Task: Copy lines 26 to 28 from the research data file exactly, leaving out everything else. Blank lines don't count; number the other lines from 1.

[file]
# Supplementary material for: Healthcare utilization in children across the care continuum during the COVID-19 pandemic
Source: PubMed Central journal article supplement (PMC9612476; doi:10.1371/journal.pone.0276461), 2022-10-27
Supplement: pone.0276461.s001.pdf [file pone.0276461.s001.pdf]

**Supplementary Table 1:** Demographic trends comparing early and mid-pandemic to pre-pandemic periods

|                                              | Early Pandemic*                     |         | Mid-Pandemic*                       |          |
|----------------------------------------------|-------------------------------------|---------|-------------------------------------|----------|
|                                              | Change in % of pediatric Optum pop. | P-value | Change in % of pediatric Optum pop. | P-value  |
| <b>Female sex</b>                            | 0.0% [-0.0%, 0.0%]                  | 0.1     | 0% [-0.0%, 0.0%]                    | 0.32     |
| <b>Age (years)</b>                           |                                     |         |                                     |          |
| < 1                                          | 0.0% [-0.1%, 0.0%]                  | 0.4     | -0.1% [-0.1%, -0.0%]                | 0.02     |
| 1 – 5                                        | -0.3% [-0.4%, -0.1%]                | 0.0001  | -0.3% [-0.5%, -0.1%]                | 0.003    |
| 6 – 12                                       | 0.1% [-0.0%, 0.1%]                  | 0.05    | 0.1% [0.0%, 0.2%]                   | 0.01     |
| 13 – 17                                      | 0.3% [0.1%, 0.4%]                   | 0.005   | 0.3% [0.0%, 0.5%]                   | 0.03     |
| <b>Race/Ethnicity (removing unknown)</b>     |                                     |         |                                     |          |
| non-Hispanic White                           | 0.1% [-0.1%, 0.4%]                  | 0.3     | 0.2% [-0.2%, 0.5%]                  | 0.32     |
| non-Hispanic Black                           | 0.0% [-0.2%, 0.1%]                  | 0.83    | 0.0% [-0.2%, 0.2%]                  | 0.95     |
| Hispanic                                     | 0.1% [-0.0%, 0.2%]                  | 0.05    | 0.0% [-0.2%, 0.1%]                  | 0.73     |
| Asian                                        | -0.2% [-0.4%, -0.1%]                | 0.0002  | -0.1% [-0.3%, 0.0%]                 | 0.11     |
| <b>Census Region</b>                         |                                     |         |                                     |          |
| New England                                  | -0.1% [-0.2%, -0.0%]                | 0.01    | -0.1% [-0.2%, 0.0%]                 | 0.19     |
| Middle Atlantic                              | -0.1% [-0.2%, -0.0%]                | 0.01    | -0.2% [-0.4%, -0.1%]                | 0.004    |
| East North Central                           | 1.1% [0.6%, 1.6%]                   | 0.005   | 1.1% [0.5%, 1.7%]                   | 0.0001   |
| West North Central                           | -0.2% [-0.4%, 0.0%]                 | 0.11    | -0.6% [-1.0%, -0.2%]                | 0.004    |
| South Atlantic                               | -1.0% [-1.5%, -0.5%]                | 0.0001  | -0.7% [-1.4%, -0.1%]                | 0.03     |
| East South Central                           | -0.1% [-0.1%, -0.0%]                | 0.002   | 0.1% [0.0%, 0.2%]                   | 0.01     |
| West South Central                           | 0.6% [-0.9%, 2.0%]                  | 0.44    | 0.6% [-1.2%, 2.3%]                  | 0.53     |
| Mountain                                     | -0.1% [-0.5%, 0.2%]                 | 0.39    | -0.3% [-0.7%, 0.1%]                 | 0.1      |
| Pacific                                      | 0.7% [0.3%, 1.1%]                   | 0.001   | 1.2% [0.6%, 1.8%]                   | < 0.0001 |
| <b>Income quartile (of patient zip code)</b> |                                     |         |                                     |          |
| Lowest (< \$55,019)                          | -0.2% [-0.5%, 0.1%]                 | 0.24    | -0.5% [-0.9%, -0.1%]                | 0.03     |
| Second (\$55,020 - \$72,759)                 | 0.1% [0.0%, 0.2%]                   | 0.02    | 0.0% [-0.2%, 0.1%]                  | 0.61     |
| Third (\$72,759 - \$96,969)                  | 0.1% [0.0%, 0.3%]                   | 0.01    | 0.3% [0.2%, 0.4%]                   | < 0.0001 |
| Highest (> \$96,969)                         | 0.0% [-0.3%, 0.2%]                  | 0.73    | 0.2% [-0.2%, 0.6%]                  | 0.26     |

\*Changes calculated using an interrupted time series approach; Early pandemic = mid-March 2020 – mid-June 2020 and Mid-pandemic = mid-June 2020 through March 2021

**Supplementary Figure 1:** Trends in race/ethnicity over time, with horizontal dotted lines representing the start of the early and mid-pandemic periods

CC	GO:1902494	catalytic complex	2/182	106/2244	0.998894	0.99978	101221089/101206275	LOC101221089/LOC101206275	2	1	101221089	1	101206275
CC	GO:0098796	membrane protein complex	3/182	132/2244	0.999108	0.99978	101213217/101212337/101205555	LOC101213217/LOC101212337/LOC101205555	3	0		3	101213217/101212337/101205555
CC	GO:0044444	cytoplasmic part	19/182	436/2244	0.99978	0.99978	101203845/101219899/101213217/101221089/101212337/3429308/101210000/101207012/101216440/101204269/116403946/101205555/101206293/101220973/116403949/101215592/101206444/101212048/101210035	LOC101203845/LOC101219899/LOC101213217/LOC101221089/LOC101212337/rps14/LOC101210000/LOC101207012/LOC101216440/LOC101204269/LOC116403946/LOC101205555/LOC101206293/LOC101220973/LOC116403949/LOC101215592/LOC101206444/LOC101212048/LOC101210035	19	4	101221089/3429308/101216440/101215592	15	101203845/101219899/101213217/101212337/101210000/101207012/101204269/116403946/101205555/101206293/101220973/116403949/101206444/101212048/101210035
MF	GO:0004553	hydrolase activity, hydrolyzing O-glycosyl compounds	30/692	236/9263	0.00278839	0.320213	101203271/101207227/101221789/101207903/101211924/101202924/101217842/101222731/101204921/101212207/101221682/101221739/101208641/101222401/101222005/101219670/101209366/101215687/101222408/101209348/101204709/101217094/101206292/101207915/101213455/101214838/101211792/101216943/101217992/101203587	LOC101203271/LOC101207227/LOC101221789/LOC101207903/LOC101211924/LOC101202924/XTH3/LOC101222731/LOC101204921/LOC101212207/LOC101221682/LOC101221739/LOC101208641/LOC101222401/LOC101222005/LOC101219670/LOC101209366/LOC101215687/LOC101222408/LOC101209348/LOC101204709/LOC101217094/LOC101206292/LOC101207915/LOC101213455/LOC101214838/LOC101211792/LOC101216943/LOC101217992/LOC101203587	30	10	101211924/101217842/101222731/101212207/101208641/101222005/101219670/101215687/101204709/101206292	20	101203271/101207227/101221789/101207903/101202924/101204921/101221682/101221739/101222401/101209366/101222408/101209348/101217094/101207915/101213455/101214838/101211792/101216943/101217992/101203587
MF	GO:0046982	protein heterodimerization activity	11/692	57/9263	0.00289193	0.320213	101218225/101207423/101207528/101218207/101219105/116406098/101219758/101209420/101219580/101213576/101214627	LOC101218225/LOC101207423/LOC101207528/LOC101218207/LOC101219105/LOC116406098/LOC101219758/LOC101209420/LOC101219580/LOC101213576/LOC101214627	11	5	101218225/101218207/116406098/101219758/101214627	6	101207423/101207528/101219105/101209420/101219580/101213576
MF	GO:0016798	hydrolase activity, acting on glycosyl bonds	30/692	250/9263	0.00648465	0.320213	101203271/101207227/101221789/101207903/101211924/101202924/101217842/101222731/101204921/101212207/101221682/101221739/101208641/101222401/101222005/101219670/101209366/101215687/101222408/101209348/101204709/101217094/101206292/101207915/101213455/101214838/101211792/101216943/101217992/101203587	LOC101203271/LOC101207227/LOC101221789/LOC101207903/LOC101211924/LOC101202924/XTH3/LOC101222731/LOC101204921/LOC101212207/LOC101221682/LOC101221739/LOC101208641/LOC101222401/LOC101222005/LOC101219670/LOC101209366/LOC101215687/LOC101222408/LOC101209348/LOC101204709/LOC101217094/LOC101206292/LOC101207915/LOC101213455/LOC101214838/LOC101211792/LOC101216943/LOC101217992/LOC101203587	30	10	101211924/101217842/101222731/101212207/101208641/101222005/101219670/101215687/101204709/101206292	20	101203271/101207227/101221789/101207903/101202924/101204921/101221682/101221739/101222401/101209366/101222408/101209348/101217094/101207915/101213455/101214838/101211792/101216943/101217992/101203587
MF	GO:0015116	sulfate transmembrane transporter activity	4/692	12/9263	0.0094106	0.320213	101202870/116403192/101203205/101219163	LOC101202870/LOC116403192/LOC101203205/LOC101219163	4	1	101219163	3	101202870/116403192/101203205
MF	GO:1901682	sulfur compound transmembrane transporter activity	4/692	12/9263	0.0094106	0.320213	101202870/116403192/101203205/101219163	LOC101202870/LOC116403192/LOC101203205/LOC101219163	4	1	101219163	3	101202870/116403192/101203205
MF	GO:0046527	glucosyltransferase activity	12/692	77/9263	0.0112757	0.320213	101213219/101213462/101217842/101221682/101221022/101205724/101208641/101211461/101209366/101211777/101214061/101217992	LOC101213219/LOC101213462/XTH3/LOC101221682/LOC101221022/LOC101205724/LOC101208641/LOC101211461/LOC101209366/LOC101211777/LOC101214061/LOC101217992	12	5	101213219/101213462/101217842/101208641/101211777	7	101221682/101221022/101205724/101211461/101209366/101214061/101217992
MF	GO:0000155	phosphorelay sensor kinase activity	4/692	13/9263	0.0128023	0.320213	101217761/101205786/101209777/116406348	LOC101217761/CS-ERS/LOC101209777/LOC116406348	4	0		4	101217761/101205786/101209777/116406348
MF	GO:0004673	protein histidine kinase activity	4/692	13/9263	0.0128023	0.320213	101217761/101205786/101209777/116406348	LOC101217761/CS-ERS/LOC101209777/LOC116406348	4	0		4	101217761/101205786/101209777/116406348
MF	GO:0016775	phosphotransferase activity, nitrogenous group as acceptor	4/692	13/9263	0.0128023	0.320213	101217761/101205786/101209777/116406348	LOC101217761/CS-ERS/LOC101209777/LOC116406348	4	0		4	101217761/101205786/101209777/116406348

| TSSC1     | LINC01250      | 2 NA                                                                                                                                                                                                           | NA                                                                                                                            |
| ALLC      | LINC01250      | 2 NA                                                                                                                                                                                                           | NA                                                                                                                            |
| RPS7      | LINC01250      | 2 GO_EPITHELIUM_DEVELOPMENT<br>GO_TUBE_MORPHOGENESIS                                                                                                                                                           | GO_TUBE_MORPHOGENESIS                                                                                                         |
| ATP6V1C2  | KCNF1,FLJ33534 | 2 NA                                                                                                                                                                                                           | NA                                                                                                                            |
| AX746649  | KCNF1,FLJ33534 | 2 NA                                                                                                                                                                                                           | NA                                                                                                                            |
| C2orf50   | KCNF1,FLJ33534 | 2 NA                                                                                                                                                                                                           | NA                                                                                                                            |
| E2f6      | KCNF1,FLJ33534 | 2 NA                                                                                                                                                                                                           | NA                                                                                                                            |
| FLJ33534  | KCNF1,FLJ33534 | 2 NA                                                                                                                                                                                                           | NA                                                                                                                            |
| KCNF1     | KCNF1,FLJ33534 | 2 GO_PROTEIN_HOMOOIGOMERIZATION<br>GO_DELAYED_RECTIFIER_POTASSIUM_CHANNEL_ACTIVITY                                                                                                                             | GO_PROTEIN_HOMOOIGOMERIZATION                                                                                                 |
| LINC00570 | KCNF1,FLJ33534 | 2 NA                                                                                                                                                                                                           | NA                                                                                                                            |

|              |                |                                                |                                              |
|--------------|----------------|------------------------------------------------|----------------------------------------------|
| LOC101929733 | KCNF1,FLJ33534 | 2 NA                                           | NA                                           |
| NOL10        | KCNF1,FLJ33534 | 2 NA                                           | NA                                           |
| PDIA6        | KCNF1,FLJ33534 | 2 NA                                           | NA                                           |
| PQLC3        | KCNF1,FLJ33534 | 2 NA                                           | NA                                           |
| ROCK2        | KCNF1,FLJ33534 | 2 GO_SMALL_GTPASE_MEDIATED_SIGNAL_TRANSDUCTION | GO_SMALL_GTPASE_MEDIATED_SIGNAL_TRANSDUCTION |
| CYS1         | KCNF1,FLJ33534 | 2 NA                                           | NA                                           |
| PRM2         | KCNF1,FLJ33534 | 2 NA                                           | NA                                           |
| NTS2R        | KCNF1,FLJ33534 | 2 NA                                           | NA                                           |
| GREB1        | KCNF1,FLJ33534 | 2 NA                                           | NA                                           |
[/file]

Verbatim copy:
| West South Central                           | 0.6% [-0.9%, 2.0%]                  | 0.44    | 0.6% [-1.2%, 2.3%]                  | 0.53     |
| Mountain                                     | -0.1% [-0.5%, 0.2%]                 | 0.39    | -0.3% [-0.7%, 0.1%]                 | 0.1      |
| Pacific                                      | 0.7% [0.3%, 1.1%]                   | 0.001   | 1.2% [0.6%, 1.8%]                   | < 0.0001 |